Hollywood has always specialized in the creation of illusions, and never more so than in the romantic comedy genre. America is the capital of capital, so the rags-to-riches fairy tale has always held a particular appeal to audiences in this hemisphere. The play Sabrina Fair, by Samuel A. Taylor [New York: Random House, 1954], had been a hit on Broadway the year before, with Margaret Sullavan and Joseph Cotton, Cathleen Nesbitt, John Cromwell and Russell Collins. The title comes from John Milton's masque Comus :
Listen where thou art sitting
Under the glass, cool, translucent wave,
In twisted braids of lilies knitting
The loost train of thy amber-dropping hair;
Listen for dear honour's sake,
Goddess of the silver lake,
Listen and save.
Full disclosure: I have not read the play, but judging from the movie, and the knowledge that it had been a play before it was a movie, it's obvious that the story has more specifically theatrical than visual (or cinematic) applications. It's a comedy of manners, made out of language, and the few opportunities for visual interest are limited and can very easily be referred to off-stage.
The screenplay is credited to Billy Wilder, who also directed the film. Wilder was already by this point in his long career, a well-established veteran (Ninotchka, Double Indemnity, The Lost Weekend, The Bishop's Wife, Sunset Boulevard, and he still had a good deal in the tank, as he would follow this triumph with The Seven Year Itch, The Apartment, and Some Like It Hot). His creative control and vision guaranteed that this movie would be tight, sensible and smart.
When we first meet her, Sabrina Fairchild is the non-descript skinny little chauffeur's daughter living in an apartment over the garage with her father at the Larrabee family estate on Long Island. Quietly ambitious, but somewhat wan, she dreams of romance, as she perches in the garden tree (shades of Rima in Green Mansions ?? -- but that was in the future) peeking at the guests to the posh party in the big house, imagining herself as handsome young David Larrabee's lover.
As she watches, David escorts his latest date to the indoor tennis courts with a bottle of champagne and two flutes tucked into his rear pockets. Devastated, Sabrina falls into a deep depression, and realizing that her chances of ever being the object of David's affection are nill, decides to commit suicide. Leaving a note under her father's door, she turns on all the engines in the big garage, thinking to depart via carbon monoxide poisoning. In the nick of time, Linus Jr. discovers her and prevents her suicide.
Pulled back from the brink, Sabrina is sent off to Paris to study at the Cordon Bleu cooking school, to learn a decent trade, but while there, she soaks up sophistication and style, and grows into the lovely swan she was meant to be. In one scene, she sits at her window as a street musician squeezes out a sentimental version of La Vie en Rose.
Meanwhile, David--already three times divorced, has become strategically "betrothed" to the Elizabeth Tyson (played by Martha Hyer), daughter of another company-owning family whose business interests just happen to coincide with those of the Larrabees--never bothers to come to work, and is simply frittering away his life, while brother Linus Jr. is the company man, all work and no play. Linus and his father Linus Sr.--played perfectly by Walter Hampden (a classically trained Shakespearean, who looks exactly like the little capitalist caricature from the Monopoly Community Chest cards)--
want desperately to bring off the Larrabee-Tyson "merger" which will make everyone ten times richer than they are already, even if that means a marriage of convenience. What else is David good for, after all, except to be a blood sacrifice to Mammon?
When Sabrina returns from Paris, David accidentally meets her at the train station, luggage in hand, and he is immediately struck by her vivacious beauty. Predictably, he doesn't recognize her, since she so little resembles the gawky teenaged little girl he remembers, but he knows one thing for sure: This is one lady he can't wait to seduce!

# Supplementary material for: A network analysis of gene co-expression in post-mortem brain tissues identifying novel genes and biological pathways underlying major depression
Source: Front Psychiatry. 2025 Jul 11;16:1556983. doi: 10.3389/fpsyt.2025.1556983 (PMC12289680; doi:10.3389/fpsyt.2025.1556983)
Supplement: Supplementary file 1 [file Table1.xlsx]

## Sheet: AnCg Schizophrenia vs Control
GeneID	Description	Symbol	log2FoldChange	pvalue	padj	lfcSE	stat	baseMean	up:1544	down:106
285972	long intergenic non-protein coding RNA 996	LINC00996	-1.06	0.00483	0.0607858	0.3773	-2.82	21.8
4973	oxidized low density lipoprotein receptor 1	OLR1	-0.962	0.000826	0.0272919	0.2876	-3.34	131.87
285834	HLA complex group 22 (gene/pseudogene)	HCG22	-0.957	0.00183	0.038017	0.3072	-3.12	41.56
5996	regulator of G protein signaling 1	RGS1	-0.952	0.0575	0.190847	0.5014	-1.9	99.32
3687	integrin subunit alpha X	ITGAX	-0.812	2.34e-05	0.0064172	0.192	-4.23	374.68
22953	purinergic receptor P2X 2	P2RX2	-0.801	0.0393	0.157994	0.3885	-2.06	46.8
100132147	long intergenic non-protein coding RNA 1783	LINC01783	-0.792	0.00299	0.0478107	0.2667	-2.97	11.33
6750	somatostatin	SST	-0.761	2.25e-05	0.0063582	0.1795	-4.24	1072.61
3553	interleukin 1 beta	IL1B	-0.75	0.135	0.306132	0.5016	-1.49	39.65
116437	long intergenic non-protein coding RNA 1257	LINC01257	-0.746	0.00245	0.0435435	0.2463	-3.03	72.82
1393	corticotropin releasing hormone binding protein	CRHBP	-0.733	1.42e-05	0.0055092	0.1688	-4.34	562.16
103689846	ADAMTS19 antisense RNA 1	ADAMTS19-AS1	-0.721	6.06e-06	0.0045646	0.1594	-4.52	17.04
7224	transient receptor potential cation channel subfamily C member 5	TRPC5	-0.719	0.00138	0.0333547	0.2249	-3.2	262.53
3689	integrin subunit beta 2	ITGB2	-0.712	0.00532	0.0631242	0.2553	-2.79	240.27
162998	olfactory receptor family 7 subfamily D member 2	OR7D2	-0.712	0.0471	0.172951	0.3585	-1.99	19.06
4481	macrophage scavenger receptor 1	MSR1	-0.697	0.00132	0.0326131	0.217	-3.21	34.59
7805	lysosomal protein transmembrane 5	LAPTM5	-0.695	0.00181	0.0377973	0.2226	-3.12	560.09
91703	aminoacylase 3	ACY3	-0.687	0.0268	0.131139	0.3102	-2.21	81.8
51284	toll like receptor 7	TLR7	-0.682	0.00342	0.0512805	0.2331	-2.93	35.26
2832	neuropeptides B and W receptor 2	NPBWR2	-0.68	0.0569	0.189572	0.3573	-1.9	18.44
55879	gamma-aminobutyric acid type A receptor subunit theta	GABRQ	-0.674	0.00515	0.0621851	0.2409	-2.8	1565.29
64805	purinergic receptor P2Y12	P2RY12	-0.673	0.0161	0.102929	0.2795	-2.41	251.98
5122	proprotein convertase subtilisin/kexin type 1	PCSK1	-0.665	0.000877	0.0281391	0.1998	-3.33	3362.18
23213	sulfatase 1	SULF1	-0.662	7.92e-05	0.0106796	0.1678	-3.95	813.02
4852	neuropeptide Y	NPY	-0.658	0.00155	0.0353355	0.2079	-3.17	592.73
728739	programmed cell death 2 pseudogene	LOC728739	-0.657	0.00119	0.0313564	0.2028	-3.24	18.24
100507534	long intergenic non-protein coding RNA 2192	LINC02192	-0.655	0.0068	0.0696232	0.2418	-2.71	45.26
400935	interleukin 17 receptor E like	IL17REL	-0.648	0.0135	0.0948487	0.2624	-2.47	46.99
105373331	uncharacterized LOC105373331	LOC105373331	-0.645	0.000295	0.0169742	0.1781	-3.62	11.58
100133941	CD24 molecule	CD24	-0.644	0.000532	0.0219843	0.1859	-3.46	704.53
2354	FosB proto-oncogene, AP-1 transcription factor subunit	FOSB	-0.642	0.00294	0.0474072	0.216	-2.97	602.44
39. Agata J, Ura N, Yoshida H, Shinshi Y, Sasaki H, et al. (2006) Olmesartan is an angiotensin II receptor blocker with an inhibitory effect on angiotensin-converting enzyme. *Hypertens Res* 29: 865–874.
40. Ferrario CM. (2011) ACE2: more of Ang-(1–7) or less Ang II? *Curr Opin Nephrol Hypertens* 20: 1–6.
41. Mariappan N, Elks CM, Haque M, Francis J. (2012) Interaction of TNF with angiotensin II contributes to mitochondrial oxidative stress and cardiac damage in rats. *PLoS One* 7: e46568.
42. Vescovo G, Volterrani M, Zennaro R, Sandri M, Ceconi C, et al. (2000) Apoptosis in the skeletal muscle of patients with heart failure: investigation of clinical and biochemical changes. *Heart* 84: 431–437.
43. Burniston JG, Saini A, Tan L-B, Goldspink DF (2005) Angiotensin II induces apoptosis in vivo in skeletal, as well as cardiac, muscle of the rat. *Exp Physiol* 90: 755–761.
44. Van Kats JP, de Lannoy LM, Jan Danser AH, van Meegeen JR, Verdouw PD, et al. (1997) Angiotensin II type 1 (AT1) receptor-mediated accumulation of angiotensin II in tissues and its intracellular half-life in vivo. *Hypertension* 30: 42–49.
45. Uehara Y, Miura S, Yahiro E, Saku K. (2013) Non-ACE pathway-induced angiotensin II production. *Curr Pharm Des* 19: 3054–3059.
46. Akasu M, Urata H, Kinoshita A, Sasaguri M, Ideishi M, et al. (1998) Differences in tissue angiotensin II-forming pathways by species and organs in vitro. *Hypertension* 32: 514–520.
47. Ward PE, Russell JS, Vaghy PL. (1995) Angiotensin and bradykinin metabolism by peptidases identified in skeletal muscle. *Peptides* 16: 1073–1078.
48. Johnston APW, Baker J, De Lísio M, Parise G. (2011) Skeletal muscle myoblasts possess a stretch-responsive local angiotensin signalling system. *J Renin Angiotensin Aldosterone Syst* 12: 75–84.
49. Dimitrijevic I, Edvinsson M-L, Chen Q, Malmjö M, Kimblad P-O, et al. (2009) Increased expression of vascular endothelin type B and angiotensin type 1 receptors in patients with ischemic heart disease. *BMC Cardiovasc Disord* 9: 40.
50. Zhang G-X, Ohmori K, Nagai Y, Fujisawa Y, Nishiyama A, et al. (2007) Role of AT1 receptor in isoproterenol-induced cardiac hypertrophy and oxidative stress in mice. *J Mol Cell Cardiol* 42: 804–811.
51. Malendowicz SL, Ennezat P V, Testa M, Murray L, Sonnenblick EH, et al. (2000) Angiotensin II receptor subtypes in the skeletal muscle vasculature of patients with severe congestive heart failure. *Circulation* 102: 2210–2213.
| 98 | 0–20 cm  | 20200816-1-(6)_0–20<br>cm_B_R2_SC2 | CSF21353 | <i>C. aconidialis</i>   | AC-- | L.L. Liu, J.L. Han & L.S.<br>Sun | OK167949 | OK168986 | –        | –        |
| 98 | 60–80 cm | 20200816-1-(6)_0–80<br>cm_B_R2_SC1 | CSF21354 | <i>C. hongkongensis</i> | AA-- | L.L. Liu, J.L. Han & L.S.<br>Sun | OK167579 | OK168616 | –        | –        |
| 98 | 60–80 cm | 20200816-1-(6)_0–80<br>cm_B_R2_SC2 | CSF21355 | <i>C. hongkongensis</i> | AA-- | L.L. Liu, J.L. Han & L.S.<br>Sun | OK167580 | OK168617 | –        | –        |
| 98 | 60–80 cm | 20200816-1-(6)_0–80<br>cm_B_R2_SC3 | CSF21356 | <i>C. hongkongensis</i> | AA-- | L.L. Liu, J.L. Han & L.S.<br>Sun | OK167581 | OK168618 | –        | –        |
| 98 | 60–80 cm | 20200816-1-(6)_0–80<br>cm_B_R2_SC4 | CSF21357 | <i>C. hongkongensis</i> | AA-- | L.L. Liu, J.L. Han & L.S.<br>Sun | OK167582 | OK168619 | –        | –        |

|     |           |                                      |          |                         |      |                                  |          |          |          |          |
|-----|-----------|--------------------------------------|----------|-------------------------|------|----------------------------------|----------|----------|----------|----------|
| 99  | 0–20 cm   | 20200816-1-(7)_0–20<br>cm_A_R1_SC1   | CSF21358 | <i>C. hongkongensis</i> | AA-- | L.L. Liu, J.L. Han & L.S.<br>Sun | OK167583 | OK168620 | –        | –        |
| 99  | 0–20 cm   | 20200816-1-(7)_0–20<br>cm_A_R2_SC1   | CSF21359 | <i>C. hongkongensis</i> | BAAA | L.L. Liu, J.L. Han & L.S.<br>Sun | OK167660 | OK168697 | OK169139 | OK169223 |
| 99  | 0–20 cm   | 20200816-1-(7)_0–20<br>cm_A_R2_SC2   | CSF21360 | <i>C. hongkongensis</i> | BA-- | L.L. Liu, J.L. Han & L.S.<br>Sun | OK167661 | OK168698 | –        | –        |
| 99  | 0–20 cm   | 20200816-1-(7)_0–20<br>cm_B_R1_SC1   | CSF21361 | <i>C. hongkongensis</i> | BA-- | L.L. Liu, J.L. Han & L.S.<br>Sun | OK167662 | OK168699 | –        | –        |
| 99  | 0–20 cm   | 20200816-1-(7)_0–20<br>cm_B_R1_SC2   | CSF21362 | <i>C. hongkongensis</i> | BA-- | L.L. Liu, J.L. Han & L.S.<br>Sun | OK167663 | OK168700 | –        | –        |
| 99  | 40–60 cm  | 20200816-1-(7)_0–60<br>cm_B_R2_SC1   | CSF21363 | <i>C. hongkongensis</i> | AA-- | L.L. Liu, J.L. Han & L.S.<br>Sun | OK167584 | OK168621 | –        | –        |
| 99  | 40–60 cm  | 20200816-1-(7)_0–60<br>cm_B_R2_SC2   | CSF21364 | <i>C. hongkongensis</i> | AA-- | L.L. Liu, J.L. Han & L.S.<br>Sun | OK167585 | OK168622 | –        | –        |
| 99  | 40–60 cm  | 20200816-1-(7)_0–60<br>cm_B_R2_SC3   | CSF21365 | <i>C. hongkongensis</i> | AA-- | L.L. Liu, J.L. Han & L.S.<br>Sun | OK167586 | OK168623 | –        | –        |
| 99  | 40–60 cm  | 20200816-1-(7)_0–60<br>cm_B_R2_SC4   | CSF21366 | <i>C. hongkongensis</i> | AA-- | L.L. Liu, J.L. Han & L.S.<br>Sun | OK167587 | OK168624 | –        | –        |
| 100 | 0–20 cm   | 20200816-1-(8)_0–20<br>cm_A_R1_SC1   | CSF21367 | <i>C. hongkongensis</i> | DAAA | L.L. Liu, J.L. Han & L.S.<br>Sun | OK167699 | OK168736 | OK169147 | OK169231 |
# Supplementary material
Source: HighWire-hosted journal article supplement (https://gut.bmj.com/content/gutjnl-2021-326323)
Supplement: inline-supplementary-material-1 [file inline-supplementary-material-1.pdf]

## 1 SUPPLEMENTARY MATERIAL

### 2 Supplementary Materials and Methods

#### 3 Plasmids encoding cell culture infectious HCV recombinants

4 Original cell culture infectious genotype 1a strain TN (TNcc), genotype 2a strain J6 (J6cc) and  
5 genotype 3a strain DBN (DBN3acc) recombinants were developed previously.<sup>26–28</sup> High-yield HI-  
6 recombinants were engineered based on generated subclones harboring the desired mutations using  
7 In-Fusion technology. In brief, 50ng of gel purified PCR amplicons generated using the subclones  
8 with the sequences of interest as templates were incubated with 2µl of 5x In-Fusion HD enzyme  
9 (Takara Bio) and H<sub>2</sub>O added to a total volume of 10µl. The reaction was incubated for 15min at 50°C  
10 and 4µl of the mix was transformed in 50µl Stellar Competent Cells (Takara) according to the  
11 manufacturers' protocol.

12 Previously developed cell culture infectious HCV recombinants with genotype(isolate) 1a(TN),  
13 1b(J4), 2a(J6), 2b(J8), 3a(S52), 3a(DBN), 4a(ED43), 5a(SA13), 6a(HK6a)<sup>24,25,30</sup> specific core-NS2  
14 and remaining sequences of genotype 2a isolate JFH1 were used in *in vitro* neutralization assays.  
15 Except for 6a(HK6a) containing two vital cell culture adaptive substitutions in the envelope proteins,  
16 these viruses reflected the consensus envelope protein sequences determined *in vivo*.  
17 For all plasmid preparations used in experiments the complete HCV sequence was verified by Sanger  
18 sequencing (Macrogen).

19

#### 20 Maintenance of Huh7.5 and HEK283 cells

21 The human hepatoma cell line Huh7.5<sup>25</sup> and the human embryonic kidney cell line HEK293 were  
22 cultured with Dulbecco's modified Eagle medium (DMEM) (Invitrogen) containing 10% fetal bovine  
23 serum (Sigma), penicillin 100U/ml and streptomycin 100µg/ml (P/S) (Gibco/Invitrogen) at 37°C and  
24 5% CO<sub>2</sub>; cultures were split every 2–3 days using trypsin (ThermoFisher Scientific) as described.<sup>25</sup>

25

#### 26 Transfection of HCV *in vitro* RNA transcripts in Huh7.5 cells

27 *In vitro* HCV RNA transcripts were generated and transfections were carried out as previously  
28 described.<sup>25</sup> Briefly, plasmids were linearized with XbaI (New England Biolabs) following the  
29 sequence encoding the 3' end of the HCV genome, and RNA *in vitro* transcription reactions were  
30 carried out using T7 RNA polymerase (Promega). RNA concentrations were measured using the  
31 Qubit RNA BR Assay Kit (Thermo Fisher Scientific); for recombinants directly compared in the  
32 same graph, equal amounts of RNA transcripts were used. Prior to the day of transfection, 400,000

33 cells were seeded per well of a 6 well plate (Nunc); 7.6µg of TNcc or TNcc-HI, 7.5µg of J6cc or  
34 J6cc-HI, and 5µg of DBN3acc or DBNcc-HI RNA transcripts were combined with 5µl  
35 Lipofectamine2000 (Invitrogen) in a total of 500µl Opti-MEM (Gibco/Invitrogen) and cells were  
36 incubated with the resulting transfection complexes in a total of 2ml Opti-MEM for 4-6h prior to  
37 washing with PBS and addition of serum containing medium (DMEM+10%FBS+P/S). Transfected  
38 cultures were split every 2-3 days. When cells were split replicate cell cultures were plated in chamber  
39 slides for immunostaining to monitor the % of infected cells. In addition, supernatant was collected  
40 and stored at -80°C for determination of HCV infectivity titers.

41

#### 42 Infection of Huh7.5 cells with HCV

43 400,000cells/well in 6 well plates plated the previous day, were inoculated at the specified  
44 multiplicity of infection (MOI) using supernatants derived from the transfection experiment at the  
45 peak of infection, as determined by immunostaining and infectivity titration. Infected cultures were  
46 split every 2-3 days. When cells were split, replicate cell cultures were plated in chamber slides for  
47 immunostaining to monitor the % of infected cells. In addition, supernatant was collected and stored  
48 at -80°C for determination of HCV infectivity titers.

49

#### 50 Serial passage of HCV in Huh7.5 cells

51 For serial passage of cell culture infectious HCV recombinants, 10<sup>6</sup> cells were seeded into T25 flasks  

Coyly, she refuses to let him know her true identity. He's mystified! Who is this gorgeous creature, oozing savvy and urbanity?
David hardly remembers, if he even cares, that he's already officially committed to Elizabeth Tyson, and undertakes to sweep Sabrina off her feet. Sabrina's dream seems finally to be coming true, as David falls head over heels for her.
But Sabrina, feeling her new power over men, begins to perceive how hollow her adolescent fantasy about David is. Now that she has him within her grasp, the prize seems somehow unworthy of her.
In most American movies, money and sex get mixed up together. The movie begins as the classic formula of poor girl falling for wealth and glitz and sex, transforming herself from a tawdry "garage girl" into an elegant ingenue to attain her goal. We know she's deluded, because these rich folks have been corrupted by their greed, which turns them into complacent playboys or grim corporate CEO's. It's clear that even if Sabrina were to achieve her end and marry David, the arrangement wouldn't last--not just because of David's wayward infidelities, but because of Sabrina's growing maturity. She's transformed herself in Paris, but Paris has also made her more discriminating. She's become a practical girl, as well as a beautiful one. In the "upstairs downstairs" dialectic, the servants want her to marry well, and that doesn't simply mean getting the one you had a crush on as a twelve year old.
The Larrabee family's first duty is to its continued prosperity, and that sense of mission transcends every other priority, including pleasure, mental health, and even love. If the perfect marriage of convenience would have David matched up with Elizabeth Tyson, the servants' concept of a successfully made match would have Sabrina installed in the mansion. They're like two halves of a symbiotic corruption. The fairy tale version of Sabrina's love for David would be pure Hollywood, but we in the audience know too that though love (and lust) are fun, marriages built on stardust rarely work.
At this juncture, the Larrabee family hatches a plot that promises to solve all their problems: Linus will seduce Sabrina, and offer to buy her off, allowing David to fulfill his duty to marry Ms. Tyson for the greater gain. To facilitate this, David is tricked into sitting down in a study armchair, just as he's about to head out to the tennis-courts with Sabrina for his usual champagne assignation, crunching the flutes and lacerating his hind-quarters. David's convalescence--in a hammock with a hole in the bottom--takes several weeks, during which Linus has uninterrupted access to a skeptical Sabrina.